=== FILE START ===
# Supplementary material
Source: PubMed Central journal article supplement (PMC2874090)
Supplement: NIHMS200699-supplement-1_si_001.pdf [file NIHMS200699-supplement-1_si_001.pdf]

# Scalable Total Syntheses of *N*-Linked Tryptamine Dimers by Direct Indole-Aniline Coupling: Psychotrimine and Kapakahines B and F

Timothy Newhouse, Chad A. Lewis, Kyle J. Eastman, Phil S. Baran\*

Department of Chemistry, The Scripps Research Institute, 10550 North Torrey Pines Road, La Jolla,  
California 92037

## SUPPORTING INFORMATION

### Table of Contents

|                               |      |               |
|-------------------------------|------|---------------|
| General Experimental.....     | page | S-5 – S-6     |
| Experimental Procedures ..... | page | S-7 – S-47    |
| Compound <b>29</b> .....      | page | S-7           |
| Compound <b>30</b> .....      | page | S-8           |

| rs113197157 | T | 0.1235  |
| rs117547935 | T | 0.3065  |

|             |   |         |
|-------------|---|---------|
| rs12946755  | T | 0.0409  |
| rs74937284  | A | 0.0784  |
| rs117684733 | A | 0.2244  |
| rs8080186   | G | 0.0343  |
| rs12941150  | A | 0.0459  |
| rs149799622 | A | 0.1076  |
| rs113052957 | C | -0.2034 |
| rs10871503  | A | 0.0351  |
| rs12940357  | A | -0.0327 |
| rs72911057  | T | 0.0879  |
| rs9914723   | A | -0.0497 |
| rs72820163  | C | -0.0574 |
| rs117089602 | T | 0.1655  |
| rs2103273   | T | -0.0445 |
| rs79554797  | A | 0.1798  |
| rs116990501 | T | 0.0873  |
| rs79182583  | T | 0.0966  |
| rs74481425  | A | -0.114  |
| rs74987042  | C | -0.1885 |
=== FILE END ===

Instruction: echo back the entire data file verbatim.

# Supplementary material
Source: PubMed Central journal article supplement (PMC2874090)
Supplement: NIHMS200699-supplement-1_si_001.pdf [file NIHMS200699-supplement-1_si_001.pdf]

# Scalable Total Syntheses of *N*-Linked Tryptamine Dimers by Direct Indole-Aniline Coupling: Psychotrimine and Kapakahines B and F

Timothy Newhouse, Chad A. Lewis, Kyle J. Eastman, Phil S. Baran\*

Department of Chemistry, The Scripps Research Institute, 10550 North Torrey Pines Road, La Jolla,  
California 92037

## SUPPORTING INFORMATION

### Table of Contents

|                               |      |               |
|-------------------------------|------|---------------|
| General Experimental.....     | page | S-5 – S-6     |
| Experimental Procedures ..... | page | S-7 – S-47    |
| Compound <b>29</b> .....      | page | S-7           |
| Compound <b>30</b> .....      | page | S-8           |

| rs113197157 | T | 0.1235  |
| rs117547935 | T | 0.3065  |

|             |   |         |
|-------------|---|---------|
| rs12946755  | T | 0.0409  |
| rs74937284  | A | 0.0784  |
| rs117684733 | A | 0.2244  |
| rs8080186   | G | 0.0343  |
| rs12941150  | A | 0.0459  |
| rs149799622 | A | 0.1076  |
| rs113052957 | C | -0.2034 |
| rs10871503  | A | 0.0351  |
| rs12940357  | A | -0.0327 |
| rs72911057  | T | 0.0879  |
| rs9914723   | A | -0.0497 |
| rs72820163  | C | -0.0574 |
| rs117089602 | T | 0.1655  |
| rs2103273   | T | -0.0445 |
| rs79554797  | A | 0.1798  |
| rs116990501 | T | 0.0873  |
| rs79182583  | T | 0.0966  |
| rs74481425  | A | -0.114  |
| rs74987042  | C | -0.1885 |